The “steak” is basically a Philly Cheesesteak-like sandwich, featuring griddle-cooked shaved beef, onions, and peppers on a mayo-smeared hoagie roll, topped with melted white cheese, tomato slices, and lettuce. Some versions — like the sandwiches at the Baba’s Famous Steak and Lemonade on 71st and Jeffrey Avenue and 71st and Michigan Avenue — add a zingy spice mixture to the beef that delivers a nice kick of heat. The steak sandwich comes with fries, and you will inevitably be asked if you want hot sauce, mild sauce, or lemon pepper on them. Be ready to answer.

The lemonade is a sweet, icy, Slurpee-like lemon drink. Most customers jazz it up with a combination of flavored syrups including blueberry, cherry, fruit punch, grape, orange, pineapple, pina colada, strawberry, and watermelon. Some places top the drink with real slices of lemon, pineapple, or strawberry, and they are always covered with plastic wrap that you punch your straw through to drink.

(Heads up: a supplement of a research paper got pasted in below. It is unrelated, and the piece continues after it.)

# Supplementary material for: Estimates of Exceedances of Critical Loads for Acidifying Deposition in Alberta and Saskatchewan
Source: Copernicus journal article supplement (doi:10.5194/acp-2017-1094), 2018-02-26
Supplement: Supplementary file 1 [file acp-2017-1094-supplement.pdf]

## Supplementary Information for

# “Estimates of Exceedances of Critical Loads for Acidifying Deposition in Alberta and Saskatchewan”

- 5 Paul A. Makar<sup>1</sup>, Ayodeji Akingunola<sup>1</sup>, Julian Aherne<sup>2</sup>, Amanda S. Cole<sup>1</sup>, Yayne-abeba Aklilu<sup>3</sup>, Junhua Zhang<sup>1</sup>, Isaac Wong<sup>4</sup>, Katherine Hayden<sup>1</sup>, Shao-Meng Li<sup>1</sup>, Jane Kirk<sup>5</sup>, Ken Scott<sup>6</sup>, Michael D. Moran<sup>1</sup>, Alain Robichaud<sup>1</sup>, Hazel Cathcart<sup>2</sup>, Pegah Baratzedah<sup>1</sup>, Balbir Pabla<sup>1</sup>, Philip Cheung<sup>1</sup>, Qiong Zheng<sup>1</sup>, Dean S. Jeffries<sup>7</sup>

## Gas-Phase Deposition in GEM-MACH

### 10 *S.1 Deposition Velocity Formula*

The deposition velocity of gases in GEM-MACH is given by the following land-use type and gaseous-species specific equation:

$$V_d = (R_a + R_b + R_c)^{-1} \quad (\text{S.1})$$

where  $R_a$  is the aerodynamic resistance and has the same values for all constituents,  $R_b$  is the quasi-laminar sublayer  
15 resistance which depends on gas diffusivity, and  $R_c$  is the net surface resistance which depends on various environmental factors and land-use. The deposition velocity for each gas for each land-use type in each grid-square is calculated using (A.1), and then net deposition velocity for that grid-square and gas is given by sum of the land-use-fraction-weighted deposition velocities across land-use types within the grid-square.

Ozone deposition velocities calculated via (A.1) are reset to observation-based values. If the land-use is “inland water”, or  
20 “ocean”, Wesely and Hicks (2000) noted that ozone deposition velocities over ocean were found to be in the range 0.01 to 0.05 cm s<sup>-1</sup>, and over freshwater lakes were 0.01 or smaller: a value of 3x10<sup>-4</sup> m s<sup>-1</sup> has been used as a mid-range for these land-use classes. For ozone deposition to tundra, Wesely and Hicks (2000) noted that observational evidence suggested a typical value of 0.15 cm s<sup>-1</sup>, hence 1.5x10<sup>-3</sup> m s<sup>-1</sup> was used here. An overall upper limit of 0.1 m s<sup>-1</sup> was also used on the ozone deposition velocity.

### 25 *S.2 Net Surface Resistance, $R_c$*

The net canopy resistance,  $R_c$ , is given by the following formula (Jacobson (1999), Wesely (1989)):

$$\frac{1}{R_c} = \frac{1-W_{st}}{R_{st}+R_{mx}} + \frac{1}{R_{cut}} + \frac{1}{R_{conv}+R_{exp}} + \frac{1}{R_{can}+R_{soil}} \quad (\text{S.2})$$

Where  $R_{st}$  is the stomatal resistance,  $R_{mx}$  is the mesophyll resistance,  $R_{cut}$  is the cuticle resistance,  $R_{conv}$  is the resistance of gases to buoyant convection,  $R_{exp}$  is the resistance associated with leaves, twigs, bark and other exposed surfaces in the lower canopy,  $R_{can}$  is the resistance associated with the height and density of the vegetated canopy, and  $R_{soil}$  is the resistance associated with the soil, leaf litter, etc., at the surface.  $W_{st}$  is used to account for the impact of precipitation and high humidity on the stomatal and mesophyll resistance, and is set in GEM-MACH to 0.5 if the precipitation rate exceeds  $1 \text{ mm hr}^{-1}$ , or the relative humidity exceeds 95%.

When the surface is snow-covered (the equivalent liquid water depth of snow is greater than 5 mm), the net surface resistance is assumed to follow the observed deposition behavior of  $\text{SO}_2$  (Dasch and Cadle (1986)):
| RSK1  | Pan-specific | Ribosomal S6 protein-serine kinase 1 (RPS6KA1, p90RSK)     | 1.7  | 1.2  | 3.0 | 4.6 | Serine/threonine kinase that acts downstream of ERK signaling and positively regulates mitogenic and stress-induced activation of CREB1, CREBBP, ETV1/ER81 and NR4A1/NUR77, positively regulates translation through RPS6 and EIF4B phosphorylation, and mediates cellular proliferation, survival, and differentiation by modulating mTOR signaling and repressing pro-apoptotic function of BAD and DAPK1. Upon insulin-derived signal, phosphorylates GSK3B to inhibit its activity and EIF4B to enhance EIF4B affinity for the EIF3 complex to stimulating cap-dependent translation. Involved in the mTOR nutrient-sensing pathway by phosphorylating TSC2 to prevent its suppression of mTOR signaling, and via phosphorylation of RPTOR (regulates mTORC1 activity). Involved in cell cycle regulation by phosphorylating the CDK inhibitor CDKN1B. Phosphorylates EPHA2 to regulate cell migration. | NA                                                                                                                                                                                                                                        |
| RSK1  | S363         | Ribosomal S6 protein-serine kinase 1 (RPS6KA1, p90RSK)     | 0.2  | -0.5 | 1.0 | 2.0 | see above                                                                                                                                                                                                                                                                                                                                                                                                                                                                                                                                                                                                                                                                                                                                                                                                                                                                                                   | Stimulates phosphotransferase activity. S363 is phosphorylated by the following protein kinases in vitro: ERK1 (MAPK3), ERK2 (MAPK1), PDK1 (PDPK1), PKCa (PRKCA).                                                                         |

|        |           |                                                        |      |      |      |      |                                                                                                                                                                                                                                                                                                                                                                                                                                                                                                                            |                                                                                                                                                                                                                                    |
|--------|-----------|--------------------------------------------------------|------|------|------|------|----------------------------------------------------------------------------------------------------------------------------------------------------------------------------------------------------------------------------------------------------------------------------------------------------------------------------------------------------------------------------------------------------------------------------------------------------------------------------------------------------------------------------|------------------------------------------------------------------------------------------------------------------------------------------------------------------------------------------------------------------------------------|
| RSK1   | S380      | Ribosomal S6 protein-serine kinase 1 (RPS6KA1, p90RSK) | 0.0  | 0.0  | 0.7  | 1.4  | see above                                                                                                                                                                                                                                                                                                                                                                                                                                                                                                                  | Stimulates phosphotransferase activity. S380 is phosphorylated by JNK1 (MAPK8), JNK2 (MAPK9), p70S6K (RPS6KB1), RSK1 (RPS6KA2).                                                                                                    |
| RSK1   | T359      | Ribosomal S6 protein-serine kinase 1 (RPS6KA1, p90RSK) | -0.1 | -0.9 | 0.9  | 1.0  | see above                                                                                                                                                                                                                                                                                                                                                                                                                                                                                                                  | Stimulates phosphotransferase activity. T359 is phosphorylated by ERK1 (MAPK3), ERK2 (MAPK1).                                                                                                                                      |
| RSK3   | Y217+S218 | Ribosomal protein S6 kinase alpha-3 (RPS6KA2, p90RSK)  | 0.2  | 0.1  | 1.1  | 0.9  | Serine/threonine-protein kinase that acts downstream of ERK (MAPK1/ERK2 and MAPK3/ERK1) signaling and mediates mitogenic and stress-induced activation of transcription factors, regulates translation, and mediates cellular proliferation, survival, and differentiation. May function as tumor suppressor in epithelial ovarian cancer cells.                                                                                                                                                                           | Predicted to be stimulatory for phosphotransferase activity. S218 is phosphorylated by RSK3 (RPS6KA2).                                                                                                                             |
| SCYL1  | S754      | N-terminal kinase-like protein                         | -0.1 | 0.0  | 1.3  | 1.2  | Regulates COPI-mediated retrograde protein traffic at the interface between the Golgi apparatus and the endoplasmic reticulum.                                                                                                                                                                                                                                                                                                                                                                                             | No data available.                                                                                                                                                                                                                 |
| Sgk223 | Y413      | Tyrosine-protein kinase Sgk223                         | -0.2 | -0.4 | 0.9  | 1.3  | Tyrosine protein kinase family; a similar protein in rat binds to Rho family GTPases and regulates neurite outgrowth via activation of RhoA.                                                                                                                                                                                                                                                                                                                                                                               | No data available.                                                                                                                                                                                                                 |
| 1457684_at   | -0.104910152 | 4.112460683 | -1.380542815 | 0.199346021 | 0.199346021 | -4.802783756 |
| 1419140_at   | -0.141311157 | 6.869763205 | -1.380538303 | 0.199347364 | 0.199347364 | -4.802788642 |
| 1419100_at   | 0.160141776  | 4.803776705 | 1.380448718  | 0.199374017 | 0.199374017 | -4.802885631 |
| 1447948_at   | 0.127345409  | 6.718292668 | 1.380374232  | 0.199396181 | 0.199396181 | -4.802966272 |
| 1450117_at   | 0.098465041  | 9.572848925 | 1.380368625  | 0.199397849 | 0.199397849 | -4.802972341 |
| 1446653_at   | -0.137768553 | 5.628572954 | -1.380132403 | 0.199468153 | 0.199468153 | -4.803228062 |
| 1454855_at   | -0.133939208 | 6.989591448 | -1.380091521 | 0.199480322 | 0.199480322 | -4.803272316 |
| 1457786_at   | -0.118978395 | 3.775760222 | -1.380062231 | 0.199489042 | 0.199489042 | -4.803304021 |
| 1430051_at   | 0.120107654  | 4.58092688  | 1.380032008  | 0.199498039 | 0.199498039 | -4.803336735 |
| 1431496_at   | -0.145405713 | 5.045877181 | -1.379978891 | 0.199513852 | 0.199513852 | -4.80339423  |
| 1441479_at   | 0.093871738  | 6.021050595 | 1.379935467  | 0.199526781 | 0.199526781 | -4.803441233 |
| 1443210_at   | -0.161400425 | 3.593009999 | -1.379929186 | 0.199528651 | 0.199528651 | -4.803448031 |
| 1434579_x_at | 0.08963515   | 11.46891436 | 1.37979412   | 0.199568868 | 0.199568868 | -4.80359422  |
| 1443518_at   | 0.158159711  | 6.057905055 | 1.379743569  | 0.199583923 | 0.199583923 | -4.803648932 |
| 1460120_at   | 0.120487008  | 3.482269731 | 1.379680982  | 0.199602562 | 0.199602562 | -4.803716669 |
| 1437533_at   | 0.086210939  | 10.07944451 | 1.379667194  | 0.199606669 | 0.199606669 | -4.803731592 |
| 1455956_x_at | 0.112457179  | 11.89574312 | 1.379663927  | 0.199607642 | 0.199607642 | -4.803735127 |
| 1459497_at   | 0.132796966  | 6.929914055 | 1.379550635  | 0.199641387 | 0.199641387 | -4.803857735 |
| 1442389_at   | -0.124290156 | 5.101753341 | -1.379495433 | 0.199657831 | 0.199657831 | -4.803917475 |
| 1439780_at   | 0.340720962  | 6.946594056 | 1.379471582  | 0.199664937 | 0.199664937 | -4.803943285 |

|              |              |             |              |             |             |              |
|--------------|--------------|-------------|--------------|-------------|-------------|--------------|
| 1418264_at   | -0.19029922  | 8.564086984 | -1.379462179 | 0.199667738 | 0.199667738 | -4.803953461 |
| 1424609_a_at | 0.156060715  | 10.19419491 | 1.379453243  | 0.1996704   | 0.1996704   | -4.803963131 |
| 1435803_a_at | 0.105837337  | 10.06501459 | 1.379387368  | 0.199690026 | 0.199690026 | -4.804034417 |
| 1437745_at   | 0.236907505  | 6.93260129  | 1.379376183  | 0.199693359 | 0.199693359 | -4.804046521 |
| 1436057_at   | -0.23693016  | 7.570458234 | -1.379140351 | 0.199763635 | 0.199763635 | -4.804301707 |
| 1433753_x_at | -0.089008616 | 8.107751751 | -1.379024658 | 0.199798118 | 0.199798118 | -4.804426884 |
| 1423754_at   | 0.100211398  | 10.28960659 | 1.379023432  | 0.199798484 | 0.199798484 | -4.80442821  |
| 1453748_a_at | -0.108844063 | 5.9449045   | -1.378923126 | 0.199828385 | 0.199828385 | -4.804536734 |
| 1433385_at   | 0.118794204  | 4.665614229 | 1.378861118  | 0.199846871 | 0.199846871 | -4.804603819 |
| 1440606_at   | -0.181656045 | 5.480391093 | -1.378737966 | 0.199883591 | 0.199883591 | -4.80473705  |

Who came up with the combo?

When Jordan-native Haitham “Mario” Allabadi first came to the United States, he says he opened a small fast food restaurant where steak sandwiches and lemonade were the two most popular items. So Allabadi says he came up with the idea to put these top-two sellers in the name of his next restaurant to give his business a unique but simple spin. So in 1998, he says, he opened up a restaurant in south suburban Country Club Hills with the name Baba’s Famous Steak and Lemonade. It became a local hit.

“It was an easy name and a simple name,” he says. “We wanted people to know that we are famous for steak and lemonade, like a dinner and a drink. And ‘Baba’s’ (which means dad in Arabic) is like going to [your] father or daddy’s house.”

Jordan-native Haitham 'Mario' Allabadi opened the first Baba's Famous Steak and Lemonade restaurant in 1998 in south suburban Country Club Hills. (WBEZ/Monica Eng)